Moses instructions for the construction of the tabernacle
so that God could dwell permanently among his chosen people, as well
as instructions for the priestly vestments , the altar and its
appurtenances, the procedure to be used to ordain the priests, and the
daily sacrifices to be offered. Aaron is appointed as the first
hereditary high priest . God gives
Moses the two tablets of stone
containing the words of the ten commandments, written with the "finger
of God" .
Moses is with God, Aaron makes a golden calf , which the people
worship. God informs
Moses of their apostasy and threatens to kill
them all, but relents when
Moses pleads for them.
Moses comes down
from the mountain, smashes the stone tablets in anger, and commands
Levites to massacre the unfaithful Israelites. God commands Moses
to make two new tablets on which He will personally write the words
that were on the first tablets.
Moses ascends the mountain, God
Ten Commandments (the
Ritual Decalogue ), and Moses
writes them on the tablets.
Moses descends from the mountain, and his face is transformed, so
that from that time onwards he has to hide his face with a veil. Moses
assembles the Hebrews and repeats to them the commandments he has
received from God, which are to keep the
Sabbath and to construct the
Tabernacle. "And all the construction of the
Tabernacle of the Tent of
Meeting was finished, and the children of Israel did according to
everything that God had commanded Moses", and from that time God dwelt
Tabernacle and ordered the travels of the Hebrews.
Moses with the Ten Commandments, by
Jewish and Christian tradition viewed
Moses as the author of Exodus
and the entire Pentateuch, but by the end of the 19th century the
increasing awareness of discrepancies, inconsistencies, repetitions
and other features of the
Pentateuch had led scholars to abandon this
idea. In approximate round dates, the process which produced Exodus
Pentateuch probably began around 600 BCE when existing oral
and written traditions were brought together to form books
recognisable as those we know, reaching their final form as
unchangeable sacred texts around 400 BCE. It is clear that the main
outlines of the narrative were certainly known long before the seventh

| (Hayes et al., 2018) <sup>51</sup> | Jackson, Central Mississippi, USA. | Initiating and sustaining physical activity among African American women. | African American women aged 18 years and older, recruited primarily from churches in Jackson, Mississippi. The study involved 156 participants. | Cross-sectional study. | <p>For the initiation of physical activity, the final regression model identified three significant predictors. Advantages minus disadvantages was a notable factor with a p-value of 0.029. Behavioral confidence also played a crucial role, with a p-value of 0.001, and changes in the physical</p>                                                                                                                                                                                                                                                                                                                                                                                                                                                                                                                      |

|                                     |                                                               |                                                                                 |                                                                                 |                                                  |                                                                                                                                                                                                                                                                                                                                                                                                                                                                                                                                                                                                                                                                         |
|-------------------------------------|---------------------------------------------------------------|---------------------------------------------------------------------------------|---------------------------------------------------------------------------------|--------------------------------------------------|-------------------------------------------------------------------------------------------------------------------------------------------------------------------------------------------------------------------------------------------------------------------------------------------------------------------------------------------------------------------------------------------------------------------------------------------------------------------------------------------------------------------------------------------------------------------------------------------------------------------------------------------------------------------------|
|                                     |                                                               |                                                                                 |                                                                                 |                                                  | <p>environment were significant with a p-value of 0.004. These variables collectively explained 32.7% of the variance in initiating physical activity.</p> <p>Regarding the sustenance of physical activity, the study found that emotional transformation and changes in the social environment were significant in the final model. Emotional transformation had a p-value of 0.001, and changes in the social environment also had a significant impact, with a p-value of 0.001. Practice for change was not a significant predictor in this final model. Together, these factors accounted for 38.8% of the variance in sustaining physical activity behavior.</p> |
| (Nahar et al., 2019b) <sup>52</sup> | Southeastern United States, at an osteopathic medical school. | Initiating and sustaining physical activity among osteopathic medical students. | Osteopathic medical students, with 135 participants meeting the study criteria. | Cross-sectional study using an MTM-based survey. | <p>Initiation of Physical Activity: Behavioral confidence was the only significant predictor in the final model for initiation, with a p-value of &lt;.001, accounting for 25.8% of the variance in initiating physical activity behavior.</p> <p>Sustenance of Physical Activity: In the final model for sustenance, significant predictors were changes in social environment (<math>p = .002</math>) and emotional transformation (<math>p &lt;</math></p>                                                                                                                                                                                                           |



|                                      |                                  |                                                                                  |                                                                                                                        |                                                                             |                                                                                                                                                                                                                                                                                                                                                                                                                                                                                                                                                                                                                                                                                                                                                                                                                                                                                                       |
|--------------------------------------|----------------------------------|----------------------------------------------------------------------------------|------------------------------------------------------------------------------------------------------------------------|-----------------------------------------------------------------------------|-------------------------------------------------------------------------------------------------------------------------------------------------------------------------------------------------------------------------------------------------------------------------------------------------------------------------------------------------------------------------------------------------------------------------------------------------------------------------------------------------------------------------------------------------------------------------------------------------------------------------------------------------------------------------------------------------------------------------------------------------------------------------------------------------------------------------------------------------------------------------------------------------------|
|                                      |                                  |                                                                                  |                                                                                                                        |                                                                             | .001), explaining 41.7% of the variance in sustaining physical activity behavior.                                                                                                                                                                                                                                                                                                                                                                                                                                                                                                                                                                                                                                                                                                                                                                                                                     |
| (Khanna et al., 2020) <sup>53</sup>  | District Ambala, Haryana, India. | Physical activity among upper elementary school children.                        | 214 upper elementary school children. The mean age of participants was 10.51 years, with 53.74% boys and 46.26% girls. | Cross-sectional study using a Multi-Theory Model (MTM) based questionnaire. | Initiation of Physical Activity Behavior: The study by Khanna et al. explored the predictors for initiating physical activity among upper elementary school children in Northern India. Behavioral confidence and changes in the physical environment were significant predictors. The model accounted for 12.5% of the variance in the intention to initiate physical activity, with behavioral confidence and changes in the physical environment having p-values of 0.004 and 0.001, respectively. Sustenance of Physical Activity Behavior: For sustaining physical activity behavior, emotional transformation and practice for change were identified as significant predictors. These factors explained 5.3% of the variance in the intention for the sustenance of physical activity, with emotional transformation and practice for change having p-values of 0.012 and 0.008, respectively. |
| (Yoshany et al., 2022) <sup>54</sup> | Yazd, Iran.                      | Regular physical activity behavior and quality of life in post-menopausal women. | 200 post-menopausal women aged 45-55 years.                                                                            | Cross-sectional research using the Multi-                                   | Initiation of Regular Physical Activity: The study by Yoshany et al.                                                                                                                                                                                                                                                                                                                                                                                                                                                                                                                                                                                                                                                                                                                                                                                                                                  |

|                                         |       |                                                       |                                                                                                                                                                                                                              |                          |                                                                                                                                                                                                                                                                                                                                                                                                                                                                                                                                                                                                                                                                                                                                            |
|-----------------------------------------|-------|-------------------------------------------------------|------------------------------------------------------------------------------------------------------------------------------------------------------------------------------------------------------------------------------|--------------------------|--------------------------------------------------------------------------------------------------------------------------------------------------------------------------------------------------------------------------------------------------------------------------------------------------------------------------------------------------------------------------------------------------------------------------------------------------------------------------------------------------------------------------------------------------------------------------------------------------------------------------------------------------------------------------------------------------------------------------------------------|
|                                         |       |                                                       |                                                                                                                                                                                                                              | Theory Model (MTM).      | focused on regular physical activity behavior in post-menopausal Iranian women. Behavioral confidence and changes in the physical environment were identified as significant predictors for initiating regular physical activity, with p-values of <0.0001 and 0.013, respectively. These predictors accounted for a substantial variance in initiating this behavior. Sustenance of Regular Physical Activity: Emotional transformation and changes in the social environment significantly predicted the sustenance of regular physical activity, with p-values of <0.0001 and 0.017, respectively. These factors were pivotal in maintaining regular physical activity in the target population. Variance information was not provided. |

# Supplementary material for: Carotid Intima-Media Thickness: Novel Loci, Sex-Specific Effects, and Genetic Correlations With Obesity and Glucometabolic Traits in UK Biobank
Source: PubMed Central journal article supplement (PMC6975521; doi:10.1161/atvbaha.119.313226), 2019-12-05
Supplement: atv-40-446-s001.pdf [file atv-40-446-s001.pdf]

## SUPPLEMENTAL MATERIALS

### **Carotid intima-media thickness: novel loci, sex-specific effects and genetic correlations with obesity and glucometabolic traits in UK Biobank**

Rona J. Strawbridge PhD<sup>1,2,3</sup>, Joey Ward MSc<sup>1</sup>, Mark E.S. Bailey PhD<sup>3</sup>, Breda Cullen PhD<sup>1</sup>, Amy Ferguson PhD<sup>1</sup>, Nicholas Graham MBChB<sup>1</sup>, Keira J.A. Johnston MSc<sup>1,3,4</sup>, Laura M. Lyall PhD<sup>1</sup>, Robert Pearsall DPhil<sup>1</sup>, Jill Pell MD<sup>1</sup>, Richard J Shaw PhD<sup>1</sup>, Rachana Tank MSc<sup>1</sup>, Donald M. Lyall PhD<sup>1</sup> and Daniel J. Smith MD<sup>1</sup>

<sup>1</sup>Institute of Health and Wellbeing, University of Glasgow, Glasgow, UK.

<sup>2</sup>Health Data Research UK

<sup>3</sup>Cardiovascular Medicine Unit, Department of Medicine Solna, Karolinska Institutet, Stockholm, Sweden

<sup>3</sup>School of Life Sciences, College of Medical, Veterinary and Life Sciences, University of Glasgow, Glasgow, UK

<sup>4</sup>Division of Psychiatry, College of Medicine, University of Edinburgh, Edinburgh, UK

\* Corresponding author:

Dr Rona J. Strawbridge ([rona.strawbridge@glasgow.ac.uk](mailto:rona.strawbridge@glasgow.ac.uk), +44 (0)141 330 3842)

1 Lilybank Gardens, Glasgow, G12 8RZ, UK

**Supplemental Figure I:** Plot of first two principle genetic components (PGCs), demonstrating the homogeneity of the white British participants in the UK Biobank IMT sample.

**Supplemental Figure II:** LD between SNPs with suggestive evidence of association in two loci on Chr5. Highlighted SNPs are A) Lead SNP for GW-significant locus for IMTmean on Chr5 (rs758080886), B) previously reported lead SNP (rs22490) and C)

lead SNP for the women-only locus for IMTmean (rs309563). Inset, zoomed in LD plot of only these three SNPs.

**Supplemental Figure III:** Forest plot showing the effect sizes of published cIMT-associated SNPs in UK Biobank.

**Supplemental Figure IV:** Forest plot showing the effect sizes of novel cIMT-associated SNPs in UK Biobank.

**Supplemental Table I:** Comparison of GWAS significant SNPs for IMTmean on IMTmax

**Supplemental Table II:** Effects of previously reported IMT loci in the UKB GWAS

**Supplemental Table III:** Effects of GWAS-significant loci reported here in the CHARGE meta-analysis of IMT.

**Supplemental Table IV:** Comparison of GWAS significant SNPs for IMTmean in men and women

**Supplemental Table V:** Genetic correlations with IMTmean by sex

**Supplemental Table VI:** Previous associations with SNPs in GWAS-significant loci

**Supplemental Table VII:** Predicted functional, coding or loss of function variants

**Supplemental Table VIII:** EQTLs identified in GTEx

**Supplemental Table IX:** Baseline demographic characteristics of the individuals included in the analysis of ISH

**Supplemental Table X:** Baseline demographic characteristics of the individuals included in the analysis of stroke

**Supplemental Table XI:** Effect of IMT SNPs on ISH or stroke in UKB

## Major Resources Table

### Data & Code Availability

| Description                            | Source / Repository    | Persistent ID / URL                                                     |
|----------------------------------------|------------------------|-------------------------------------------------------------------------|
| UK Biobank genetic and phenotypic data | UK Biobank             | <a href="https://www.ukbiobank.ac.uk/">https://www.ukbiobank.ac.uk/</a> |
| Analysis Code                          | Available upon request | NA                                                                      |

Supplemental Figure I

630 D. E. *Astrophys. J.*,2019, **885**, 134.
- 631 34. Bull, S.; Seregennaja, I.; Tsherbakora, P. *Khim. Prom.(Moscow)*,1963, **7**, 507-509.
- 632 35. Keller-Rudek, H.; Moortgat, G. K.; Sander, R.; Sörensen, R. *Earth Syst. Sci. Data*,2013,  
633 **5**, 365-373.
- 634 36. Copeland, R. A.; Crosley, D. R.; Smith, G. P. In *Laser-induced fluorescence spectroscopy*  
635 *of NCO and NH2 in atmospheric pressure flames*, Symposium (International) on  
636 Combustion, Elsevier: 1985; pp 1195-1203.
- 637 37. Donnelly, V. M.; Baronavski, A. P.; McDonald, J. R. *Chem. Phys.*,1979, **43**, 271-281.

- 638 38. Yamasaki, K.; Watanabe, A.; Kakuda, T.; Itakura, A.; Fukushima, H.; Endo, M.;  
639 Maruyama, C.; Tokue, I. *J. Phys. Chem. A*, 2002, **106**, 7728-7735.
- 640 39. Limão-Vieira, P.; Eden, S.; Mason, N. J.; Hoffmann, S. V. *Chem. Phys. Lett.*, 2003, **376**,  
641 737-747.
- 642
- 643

century BCE, in the allusions to the
Exodus and the wandering in the
wilderness contained in the oracles of the prophets Amos and
full century before.
GENRE AND SOURCES
The story of the exodus is the founding myth of Israel, telling how
Israelites were delivered from slavery by
Yahweh and therefore
belong to him through the
Mosaic covenant . The
Exodus is not
a historical narrative in any modern sense: modern history writing
requires the critical evaluation of sources, and does not accept God
as a cause of events, but in Exodus, everything is presented as the
work of God, who appears frequently in person, and the historical
setting is only very hazily sketched. The purpose of the book is not
to record what really happened, but to reflect the historical
experience of the exile community in
Babylon and later Jerusalem,
facing foreign captivity and the need to come to terms with their
understanding of God.
Although mythical elements are not so prominent in
Exodus as in
Genesis , ancient legends have an influence on the book's content: for
example, the story of the infant Moses's salvation from the
based on an earlier legend of king
Sargon of Akkad , while the story
of the parting of the Red Sea trades on Mesopotamian creation
mythology . Similarly, the
Covenant Code (the law code in Exodus
20:22–23:33) has some similarities in both content and structure
Laws of Hammurabi . These influences serve to reinforce the
conclusion that the
Exodus originated in the exiled Jewish
community of 6th-century BCE
Babylon , but not all the sources are
Mesopotamian: the story of Moses's flight to
Midian following the
murder of the Egyptian overseer may draw on the Egyptian _Story of
"Departure of the Israelites", by David Roberts , 1829
Biblical scholars describe the Bible's theologically-motivated
history writing as "salvation history ", meaning a history of God's
saving actions that give identity to Israel – the promise of
offspring and land to the ancestors, the exodus from Egypt (in which
God saves Israel from slavery), the wilderness wandering, the
revelation at Sinai, and the hope for the future life in the promised
A theophany is a manifestation (appearance) of a god – in the
Bible, an appearance of the God of Israel, accompanied by storms –
the earth trembles, the mountains quake, the heavens pour rain,